Parents' Guide to

The Bear

By Charles Cassady Jr., Common Sense Media Reviewer

age 10+

Live-action animal saga is incredible -- and a bit scary.

Movie PG 1989 94 minutes
The Bear Poster Image

A Lot or a Little?

What you will—and won't—find in this movie.

Community Reviews

age 7+

Based on 3 parent reviews

age 7+

Beware if you have little ones

It began with, "Let's watch a movie about real bears!" Then, five minutes later, my almost 5-year-old and i are discussing the death of a parent. That was unexpected. It gets better. They show dead momma bear being skinned. If you're not ready to explain these things and several more heavy topics with your children, pass on it!
age 6+

A kids movie that only the grown ups will finish

This is a beautifully shot, lovely movie. Our 9 and 11 year old boys started asking "how much longer" 25 minutes in and didn't make it to the halfway point. And these are kids who like gentle, sweet, nature stories but are so overexposed to animated Pixar style films that they can't just sit still and take in a movie with so little dialogue and so few laughs. Sad.

Is It Any Good?

Our review:
Parents say (3):
Kids say (3):

Seven years in the making by French filmmakers (though the minimal dialogue in most versions is English), The Bear is a simply told but visually and emotionally spectacular all-ages drama. While depicting the playfulness, the fear, and the personalities of its ursine characters, it never turns its animal actors into substitutes for people -- a remarkable feat in itself, and very much key to the theme of respecting nature and all life, human and non-human.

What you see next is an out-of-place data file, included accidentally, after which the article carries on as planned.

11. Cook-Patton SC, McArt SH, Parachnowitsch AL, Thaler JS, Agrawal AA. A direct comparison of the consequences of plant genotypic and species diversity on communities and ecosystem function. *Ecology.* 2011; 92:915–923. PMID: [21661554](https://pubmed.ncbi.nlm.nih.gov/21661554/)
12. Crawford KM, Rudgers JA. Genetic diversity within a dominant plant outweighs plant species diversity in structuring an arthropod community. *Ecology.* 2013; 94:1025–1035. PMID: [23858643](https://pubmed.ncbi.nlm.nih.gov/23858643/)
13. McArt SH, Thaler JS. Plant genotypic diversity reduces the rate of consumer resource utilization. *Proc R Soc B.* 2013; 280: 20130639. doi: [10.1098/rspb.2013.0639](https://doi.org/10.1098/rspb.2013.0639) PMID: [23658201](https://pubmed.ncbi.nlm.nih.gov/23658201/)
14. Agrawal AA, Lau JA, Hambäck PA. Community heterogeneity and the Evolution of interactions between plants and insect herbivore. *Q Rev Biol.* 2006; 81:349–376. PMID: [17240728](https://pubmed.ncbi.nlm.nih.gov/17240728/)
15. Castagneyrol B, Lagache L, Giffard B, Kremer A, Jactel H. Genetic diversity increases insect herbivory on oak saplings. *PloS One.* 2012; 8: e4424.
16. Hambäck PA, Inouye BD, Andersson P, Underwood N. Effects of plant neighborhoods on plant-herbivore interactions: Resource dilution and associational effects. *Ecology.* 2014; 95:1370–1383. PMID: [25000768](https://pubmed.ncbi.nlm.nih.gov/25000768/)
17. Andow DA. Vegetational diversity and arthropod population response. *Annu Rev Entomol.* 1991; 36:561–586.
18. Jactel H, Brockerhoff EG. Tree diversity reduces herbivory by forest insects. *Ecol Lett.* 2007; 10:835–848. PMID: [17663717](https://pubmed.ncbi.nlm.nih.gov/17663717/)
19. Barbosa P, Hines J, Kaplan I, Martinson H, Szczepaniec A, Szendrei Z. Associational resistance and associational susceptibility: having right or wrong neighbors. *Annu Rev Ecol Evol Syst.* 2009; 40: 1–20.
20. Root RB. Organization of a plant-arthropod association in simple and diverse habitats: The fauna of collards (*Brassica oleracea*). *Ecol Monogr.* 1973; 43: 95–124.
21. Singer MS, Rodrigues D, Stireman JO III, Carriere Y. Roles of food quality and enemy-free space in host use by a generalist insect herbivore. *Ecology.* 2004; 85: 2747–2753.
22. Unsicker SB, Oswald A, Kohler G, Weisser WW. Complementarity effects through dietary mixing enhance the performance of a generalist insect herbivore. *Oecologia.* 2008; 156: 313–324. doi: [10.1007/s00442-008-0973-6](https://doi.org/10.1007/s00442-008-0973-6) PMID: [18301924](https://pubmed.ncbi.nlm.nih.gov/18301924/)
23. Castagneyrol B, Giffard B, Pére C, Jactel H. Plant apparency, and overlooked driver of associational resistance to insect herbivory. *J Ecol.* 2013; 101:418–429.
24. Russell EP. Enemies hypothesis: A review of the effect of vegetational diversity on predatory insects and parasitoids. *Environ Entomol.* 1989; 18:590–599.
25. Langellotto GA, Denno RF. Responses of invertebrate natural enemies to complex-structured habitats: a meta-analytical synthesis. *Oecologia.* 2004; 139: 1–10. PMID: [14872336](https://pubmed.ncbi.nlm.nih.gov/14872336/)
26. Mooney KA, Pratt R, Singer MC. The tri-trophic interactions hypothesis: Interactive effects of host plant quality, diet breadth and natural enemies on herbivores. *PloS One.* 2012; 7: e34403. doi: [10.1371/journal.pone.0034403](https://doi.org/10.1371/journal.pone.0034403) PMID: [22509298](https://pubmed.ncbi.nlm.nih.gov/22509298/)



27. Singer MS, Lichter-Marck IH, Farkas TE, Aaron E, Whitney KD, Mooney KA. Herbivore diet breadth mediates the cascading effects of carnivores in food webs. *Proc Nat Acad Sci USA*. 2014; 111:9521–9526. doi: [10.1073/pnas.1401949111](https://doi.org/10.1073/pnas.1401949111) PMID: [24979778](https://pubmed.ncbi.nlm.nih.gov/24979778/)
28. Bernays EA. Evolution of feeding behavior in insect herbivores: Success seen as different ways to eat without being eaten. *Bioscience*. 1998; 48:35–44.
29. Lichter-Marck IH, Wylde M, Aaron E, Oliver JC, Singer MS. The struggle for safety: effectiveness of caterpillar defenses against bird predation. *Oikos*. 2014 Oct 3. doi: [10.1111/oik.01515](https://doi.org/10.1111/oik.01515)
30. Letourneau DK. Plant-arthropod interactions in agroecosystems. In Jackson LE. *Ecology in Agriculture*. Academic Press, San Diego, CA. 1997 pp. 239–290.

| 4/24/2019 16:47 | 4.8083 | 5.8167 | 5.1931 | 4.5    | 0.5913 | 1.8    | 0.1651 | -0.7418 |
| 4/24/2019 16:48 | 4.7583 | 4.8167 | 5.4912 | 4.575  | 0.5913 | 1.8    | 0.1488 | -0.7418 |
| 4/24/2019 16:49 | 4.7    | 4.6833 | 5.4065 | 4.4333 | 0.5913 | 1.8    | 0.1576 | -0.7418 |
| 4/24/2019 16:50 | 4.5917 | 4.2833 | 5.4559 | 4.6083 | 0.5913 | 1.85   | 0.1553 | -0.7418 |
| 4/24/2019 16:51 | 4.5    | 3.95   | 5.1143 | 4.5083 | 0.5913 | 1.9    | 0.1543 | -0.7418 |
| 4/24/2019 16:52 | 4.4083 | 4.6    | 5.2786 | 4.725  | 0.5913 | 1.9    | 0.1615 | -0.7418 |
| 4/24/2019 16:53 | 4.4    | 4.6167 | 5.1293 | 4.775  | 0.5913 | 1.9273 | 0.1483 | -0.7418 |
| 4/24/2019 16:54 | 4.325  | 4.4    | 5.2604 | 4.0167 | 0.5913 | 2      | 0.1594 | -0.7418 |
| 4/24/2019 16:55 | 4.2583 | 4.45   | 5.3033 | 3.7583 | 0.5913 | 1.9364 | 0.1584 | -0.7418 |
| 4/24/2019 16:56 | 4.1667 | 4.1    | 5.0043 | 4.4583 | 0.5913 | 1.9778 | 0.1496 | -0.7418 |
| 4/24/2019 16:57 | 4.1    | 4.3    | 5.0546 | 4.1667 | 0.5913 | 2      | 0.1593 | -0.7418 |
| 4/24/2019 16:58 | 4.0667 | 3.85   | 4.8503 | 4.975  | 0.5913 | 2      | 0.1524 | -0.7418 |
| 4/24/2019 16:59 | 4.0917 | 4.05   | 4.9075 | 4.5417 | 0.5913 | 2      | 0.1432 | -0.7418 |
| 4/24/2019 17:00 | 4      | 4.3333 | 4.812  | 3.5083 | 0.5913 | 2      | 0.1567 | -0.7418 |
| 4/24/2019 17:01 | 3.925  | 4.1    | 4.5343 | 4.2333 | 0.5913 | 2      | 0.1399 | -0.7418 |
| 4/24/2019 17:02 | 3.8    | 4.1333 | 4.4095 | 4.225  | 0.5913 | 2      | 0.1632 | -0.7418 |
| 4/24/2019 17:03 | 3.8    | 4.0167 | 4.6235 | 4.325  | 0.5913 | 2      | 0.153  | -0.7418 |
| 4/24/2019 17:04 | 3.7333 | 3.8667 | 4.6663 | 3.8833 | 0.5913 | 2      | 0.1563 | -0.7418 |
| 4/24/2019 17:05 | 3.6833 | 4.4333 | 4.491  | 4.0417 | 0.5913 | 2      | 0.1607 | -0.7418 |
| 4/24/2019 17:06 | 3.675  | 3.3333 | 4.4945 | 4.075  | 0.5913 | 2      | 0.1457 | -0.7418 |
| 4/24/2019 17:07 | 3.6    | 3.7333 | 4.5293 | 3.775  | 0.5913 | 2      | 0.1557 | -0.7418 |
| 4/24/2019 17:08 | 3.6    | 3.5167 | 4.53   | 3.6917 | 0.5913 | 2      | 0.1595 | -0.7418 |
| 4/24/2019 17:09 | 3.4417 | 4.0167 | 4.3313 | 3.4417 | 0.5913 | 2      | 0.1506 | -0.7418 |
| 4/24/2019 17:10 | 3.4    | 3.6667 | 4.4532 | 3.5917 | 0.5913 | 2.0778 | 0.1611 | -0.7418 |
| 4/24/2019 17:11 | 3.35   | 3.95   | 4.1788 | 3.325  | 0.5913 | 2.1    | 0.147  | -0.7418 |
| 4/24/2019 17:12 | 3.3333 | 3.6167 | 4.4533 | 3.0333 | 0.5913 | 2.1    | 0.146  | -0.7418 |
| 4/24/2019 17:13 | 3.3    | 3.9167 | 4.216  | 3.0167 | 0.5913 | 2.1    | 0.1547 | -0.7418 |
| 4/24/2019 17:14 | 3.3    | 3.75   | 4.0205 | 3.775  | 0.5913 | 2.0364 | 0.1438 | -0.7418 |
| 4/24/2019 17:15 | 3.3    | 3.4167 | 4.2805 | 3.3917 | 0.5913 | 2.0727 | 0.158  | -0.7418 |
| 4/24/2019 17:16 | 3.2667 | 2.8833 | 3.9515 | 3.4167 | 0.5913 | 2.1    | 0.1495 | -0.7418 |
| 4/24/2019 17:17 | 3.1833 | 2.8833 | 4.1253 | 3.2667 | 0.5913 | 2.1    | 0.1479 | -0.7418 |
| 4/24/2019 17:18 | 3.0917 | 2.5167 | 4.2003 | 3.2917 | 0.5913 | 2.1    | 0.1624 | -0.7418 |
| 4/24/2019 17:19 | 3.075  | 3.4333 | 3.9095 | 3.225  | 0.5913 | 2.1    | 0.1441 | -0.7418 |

The bear actor Bart (who weighed around a ton when the film was made) and his offscreen handlers do astounding work, evoking a primal ferocity worthy of a sci-fi epic's T.rex when the grizzly king is riled, yet also show a range of gentleness and mercy. When this film premiered in Europe it drew crowds comparable to E.T. - The Extraterrestrial and actually outgrossed another, very different animal movie competing at the box office: Who Framed Roger Rabbit. Take that as evidence that this is a must-see. The same film team would later do Two Brothers, another recommended pro-animal-rights drama concerning a pair of exploited Bengal tigers. This film is also on the New York Times list of the 100 "essential" children's movies.

Movie Details

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